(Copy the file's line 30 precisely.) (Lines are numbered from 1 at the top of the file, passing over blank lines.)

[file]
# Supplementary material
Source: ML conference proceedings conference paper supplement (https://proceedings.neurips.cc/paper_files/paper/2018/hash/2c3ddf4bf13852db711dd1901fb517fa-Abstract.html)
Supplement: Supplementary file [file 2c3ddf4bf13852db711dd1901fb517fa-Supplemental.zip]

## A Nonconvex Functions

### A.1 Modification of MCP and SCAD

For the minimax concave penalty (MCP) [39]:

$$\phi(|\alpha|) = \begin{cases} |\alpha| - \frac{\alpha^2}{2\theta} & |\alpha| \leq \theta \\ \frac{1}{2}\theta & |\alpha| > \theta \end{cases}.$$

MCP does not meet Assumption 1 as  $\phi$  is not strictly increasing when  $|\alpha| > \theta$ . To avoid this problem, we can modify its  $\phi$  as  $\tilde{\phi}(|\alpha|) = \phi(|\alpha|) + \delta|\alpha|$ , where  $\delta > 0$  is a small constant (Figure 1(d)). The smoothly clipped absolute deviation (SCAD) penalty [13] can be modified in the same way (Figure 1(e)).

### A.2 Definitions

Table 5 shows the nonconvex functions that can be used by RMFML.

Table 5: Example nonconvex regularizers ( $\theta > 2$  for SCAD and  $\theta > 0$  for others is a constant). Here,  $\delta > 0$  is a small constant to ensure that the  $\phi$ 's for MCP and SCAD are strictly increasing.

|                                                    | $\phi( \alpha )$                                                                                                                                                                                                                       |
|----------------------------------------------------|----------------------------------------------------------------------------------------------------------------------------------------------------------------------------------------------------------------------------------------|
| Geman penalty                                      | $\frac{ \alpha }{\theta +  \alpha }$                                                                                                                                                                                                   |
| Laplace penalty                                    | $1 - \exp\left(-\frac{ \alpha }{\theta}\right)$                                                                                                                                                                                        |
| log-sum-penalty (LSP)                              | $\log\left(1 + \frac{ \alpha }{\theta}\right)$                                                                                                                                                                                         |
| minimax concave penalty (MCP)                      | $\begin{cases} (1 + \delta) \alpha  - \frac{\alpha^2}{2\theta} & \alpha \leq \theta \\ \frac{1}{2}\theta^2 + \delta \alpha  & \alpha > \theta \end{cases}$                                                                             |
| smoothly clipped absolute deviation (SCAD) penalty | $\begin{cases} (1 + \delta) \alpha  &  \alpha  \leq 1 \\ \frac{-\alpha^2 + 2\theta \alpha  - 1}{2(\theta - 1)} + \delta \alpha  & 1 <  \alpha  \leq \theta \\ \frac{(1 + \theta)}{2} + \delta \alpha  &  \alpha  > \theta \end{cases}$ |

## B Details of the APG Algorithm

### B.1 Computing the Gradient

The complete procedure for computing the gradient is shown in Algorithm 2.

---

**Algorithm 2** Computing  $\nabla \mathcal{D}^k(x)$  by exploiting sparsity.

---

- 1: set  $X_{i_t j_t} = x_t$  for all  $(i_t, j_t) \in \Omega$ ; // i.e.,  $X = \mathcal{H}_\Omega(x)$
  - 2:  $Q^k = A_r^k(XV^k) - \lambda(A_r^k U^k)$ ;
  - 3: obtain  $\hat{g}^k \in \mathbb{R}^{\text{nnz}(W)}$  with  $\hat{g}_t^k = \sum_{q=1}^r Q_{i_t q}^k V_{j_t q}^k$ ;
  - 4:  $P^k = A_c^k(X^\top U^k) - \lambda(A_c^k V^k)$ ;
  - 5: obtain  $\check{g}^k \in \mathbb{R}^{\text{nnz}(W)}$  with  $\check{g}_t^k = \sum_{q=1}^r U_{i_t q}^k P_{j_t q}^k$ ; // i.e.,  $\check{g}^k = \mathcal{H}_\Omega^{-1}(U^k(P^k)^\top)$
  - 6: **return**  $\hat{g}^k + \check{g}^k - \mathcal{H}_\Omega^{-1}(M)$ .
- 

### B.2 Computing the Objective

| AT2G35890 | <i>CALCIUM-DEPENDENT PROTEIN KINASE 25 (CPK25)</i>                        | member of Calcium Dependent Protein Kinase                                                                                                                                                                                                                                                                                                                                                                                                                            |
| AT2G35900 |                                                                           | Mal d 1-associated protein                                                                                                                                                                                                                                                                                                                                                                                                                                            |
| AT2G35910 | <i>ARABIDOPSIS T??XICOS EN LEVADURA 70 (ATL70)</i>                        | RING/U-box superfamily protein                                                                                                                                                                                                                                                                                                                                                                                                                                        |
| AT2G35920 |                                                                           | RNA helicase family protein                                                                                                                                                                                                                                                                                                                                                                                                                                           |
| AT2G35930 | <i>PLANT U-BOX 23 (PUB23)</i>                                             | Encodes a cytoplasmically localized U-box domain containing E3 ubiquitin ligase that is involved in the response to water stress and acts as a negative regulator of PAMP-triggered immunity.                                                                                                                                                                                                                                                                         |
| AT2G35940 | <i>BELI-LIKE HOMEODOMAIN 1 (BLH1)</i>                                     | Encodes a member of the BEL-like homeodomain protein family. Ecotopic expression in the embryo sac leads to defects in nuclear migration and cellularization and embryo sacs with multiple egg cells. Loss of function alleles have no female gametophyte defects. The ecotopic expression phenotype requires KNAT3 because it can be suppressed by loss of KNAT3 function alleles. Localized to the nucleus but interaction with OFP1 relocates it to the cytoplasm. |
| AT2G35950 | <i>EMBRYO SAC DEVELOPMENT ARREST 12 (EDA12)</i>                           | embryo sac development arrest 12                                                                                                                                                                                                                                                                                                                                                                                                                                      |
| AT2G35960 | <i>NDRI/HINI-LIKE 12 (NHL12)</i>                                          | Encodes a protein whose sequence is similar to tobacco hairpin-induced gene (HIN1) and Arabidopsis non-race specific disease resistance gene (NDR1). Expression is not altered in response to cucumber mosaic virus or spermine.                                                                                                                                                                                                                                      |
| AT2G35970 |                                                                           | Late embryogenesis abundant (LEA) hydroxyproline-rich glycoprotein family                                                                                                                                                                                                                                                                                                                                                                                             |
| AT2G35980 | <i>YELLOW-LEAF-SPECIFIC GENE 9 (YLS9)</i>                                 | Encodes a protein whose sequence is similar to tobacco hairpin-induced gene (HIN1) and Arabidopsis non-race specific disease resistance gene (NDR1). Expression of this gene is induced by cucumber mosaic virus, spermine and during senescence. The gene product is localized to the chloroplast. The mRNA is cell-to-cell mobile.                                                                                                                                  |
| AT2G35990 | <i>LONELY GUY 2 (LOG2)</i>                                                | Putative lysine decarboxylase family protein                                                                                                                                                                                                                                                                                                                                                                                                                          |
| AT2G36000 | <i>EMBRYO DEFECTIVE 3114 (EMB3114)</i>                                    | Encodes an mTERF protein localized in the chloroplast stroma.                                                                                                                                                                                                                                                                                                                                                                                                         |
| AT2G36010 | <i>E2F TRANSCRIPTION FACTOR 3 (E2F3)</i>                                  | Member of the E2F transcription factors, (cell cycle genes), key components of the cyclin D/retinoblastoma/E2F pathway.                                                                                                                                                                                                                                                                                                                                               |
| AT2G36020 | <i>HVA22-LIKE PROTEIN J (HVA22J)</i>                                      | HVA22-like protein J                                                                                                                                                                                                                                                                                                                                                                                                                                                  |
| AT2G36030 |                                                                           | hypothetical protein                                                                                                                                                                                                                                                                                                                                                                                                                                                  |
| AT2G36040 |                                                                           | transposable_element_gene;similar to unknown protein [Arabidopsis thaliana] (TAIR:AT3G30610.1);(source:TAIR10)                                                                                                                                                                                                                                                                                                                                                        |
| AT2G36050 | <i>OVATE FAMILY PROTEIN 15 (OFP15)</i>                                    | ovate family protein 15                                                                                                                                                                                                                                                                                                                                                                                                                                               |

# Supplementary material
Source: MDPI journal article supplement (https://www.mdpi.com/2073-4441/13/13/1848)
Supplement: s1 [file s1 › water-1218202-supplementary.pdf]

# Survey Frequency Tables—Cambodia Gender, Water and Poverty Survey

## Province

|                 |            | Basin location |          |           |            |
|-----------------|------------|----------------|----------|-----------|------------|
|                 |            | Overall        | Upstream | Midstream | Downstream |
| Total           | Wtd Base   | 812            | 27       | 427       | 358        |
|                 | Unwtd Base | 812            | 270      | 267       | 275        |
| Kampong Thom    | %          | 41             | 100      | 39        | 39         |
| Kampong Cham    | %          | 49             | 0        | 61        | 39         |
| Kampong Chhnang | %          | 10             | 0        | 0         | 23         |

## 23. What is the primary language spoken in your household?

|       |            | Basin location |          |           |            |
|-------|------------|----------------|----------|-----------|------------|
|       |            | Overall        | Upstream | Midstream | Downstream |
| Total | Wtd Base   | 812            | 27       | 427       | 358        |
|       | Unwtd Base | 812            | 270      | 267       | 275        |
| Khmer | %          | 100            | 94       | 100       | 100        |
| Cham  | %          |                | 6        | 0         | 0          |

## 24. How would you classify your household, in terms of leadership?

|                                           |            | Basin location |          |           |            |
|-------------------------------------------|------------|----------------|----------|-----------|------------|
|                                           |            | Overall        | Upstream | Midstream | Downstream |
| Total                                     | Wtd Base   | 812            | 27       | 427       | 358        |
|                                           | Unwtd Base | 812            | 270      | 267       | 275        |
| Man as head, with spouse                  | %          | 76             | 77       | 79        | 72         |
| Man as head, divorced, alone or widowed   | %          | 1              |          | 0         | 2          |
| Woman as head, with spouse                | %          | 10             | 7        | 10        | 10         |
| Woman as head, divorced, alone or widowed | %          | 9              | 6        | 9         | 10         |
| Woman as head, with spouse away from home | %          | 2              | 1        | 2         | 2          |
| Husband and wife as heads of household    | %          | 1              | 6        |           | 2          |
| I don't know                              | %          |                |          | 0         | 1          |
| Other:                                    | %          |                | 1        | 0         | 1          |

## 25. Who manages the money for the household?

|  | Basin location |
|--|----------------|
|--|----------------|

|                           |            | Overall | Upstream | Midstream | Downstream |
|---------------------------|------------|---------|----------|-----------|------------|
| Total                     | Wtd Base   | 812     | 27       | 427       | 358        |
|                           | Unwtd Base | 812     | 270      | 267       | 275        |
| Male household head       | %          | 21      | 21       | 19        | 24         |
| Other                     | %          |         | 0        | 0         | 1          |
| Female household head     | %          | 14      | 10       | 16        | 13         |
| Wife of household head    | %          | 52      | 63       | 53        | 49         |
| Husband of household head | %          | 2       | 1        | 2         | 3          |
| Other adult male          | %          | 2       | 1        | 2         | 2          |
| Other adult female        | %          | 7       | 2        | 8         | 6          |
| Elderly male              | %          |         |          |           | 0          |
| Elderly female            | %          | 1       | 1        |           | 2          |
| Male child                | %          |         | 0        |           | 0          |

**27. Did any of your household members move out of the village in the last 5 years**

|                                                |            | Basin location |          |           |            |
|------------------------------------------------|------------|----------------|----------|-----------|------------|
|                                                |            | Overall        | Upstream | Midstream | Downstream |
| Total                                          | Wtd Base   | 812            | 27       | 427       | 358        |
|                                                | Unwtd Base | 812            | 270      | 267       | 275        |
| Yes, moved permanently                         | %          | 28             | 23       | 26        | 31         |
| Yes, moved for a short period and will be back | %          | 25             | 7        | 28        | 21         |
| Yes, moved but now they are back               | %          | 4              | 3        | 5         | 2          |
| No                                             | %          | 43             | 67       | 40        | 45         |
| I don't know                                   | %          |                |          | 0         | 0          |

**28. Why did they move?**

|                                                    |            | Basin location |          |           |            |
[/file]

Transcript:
  - 6: **return**  $\hat{g}^k + \check{g}^k - \mathcal{H}_\Omega^{-1}(M)$ .